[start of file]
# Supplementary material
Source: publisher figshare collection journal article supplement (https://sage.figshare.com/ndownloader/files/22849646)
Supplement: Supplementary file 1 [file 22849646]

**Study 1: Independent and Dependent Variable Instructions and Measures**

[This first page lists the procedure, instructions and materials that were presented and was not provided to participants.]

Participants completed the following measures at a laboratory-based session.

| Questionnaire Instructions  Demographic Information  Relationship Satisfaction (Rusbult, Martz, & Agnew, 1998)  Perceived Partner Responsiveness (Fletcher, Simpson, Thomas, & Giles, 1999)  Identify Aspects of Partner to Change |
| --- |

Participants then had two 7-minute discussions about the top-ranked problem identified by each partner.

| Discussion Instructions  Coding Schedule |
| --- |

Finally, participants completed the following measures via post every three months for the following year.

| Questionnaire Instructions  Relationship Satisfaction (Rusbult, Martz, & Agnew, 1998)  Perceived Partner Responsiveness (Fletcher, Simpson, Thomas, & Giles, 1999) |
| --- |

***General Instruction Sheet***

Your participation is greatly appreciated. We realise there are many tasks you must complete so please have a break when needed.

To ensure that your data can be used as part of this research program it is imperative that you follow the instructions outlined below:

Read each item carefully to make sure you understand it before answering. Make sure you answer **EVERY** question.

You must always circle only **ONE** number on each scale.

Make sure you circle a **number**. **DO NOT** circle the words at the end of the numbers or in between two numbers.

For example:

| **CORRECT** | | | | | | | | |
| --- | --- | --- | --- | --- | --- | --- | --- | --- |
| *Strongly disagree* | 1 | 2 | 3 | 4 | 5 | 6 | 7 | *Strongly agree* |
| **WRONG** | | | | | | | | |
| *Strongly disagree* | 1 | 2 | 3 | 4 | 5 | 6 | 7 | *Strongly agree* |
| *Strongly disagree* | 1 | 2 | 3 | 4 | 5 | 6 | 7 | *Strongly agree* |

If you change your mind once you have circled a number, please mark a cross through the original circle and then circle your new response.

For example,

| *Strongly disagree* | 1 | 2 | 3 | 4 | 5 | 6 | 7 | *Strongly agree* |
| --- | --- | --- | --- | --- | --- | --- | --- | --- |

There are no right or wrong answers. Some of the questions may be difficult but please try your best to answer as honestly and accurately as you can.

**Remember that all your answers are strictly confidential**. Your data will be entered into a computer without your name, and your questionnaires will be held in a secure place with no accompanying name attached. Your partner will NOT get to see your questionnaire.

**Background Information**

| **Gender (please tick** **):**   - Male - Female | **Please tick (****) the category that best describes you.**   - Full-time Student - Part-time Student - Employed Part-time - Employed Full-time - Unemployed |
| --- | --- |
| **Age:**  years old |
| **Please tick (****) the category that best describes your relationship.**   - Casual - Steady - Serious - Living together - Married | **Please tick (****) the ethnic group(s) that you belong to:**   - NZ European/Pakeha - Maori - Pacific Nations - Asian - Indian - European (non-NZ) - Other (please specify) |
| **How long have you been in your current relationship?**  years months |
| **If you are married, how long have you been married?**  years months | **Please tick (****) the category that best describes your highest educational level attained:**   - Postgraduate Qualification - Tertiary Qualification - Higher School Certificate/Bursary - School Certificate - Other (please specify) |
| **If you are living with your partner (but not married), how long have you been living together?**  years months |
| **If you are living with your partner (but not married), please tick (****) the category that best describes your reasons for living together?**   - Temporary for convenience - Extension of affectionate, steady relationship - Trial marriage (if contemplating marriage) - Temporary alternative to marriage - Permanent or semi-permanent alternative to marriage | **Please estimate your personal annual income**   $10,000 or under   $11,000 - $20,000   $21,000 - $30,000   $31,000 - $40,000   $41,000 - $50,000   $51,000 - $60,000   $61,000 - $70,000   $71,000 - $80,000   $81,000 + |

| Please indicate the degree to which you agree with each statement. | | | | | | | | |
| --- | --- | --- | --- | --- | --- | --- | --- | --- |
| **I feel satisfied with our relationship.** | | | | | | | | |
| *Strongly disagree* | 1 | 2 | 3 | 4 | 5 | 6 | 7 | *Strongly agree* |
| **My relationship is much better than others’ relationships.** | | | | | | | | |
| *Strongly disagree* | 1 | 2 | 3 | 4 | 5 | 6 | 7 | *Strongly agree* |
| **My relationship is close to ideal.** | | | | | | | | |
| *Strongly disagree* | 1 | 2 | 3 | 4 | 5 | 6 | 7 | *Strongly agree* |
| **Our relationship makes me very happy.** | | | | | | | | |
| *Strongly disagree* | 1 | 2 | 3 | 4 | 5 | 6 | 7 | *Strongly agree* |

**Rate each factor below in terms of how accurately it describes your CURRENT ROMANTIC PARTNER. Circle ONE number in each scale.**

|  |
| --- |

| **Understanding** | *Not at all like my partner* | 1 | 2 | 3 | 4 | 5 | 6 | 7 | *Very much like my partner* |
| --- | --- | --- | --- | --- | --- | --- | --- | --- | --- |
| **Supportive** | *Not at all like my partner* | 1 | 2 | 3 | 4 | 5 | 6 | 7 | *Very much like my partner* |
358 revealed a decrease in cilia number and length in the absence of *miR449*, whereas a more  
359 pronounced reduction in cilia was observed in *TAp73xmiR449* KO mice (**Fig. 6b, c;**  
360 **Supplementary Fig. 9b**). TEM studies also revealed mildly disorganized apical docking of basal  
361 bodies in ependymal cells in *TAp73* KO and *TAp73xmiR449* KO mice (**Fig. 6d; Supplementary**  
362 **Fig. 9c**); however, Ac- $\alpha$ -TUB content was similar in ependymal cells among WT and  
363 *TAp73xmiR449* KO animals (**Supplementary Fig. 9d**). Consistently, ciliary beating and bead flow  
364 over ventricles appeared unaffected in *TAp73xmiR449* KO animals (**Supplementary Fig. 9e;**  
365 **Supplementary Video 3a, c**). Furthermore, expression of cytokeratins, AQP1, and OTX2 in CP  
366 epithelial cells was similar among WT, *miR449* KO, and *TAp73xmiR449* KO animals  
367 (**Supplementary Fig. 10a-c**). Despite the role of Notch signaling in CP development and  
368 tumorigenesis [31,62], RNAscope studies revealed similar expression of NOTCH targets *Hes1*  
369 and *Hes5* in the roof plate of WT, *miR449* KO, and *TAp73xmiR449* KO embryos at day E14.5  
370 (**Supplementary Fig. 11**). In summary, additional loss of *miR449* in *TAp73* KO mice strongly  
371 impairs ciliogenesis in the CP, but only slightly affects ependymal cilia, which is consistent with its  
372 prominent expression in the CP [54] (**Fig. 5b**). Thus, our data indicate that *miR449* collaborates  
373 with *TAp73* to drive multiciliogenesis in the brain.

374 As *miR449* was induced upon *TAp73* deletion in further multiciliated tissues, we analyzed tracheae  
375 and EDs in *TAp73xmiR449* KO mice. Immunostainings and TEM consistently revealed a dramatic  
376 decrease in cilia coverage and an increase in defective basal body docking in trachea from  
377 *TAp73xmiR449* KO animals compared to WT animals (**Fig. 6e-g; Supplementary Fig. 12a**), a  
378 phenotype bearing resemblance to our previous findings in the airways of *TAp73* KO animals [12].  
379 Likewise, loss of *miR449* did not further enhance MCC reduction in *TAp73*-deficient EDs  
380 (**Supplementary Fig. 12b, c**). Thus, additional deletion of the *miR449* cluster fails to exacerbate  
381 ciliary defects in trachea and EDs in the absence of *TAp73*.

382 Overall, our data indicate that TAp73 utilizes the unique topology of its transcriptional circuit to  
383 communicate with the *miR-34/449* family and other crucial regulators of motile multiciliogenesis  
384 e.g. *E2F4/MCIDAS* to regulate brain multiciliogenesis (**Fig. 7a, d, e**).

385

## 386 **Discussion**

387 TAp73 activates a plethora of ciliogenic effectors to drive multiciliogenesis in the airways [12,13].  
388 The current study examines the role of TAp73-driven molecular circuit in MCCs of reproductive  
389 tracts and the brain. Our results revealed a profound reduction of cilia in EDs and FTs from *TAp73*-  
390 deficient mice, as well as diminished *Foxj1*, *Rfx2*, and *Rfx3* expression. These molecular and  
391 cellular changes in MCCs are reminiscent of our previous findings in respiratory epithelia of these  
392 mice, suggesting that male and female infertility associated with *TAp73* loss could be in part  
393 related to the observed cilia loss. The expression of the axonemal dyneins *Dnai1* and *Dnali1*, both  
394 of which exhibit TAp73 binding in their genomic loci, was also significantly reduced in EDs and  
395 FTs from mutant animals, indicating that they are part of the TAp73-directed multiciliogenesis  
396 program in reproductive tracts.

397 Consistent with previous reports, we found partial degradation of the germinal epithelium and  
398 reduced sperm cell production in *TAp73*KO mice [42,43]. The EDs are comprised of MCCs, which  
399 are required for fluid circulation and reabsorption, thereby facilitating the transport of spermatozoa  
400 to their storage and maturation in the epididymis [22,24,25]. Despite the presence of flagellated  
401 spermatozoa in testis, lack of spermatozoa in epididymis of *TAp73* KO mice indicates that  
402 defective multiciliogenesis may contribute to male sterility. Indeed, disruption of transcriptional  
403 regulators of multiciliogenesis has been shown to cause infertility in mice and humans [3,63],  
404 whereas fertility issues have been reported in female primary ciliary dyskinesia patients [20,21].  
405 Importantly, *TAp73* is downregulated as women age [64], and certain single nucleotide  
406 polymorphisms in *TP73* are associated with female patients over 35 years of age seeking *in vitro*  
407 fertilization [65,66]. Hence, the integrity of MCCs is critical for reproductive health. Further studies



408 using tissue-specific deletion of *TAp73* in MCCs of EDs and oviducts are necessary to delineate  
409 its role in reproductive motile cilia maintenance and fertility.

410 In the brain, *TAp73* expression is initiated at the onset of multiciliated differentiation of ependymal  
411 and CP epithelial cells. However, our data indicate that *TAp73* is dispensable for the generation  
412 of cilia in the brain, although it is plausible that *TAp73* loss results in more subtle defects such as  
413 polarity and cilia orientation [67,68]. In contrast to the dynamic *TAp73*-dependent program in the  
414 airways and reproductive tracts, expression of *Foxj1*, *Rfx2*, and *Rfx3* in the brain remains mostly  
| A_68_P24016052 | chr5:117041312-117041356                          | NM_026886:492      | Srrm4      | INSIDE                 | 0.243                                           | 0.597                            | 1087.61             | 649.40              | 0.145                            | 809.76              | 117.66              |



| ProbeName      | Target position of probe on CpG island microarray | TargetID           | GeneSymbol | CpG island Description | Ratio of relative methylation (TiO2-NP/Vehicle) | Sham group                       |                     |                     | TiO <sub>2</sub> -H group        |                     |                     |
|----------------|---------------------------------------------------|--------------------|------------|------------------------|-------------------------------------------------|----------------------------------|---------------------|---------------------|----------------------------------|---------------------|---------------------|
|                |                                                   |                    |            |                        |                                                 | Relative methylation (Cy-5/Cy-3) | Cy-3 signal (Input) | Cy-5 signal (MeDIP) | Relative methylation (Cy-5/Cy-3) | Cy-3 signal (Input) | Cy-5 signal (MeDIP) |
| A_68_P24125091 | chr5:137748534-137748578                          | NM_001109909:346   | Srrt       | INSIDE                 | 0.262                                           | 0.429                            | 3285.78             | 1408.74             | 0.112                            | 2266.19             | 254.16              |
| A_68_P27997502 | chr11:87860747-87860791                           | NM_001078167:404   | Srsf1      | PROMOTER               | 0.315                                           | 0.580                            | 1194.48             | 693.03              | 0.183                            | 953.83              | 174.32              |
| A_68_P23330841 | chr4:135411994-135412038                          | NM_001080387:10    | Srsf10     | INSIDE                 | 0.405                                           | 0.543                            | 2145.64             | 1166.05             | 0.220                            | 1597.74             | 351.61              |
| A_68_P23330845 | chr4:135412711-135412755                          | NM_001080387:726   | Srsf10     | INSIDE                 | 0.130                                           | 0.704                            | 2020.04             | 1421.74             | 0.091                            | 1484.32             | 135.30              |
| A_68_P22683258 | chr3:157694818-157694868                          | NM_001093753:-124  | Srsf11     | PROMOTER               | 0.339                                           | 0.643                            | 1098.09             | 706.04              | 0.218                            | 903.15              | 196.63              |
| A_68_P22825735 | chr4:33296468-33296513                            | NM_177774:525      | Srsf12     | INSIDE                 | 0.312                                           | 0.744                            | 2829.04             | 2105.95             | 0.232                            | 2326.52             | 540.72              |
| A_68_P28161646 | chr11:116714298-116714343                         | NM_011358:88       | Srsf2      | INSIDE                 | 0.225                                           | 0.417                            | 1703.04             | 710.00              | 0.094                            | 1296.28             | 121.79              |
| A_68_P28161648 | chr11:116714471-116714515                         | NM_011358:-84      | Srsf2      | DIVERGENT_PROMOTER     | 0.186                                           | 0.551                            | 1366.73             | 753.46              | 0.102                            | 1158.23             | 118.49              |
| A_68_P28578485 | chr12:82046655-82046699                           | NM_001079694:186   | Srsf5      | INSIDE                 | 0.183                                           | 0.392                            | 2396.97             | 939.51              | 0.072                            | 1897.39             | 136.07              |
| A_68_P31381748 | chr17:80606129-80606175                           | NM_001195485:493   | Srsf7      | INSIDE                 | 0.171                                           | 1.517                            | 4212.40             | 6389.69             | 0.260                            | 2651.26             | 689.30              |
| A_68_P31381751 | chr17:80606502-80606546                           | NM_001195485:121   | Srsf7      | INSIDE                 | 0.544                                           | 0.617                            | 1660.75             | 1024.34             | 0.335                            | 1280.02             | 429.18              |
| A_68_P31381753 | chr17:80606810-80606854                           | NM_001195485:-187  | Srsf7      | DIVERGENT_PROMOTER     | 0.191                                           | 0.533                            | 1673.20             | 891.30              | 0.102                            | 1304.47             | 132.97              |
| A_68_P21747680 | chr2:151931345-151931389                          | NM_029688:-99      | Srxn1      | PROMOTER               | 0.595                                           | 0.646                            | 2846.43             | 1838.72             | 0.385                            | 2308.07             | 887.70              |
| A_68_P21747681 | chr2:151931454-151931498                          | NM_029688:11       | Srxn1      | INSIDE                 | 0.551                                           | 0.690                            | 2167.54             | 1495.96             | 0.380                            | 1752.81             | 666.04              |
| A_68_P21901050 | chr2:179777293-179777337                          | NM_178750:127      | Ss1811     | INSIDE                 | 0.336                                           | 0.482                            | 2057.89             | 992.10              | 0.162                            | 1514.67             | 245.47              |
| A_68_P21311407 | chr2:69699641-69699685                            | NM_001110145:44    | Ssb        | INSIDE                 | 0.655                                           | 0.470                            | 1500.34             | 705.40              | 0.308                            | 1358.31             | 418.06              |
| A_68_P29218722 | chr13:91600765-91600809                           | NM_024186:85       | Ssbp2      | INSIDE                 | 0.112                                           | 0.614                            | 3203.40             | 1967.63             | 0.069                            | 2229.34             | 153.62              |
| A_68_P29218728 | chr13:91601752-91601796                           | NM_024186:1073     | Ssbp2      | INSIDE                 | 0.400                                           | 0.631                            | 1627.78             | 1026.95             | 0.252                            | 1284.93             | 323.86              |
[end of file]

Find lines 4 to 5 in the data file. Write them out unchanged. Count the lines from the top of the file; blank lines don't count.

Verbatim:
**Study 1: Independent and Dependent Variable Instructions and Measures**

[This first page lists the procedure, instructions and materials that were presented and was not provided to participants.]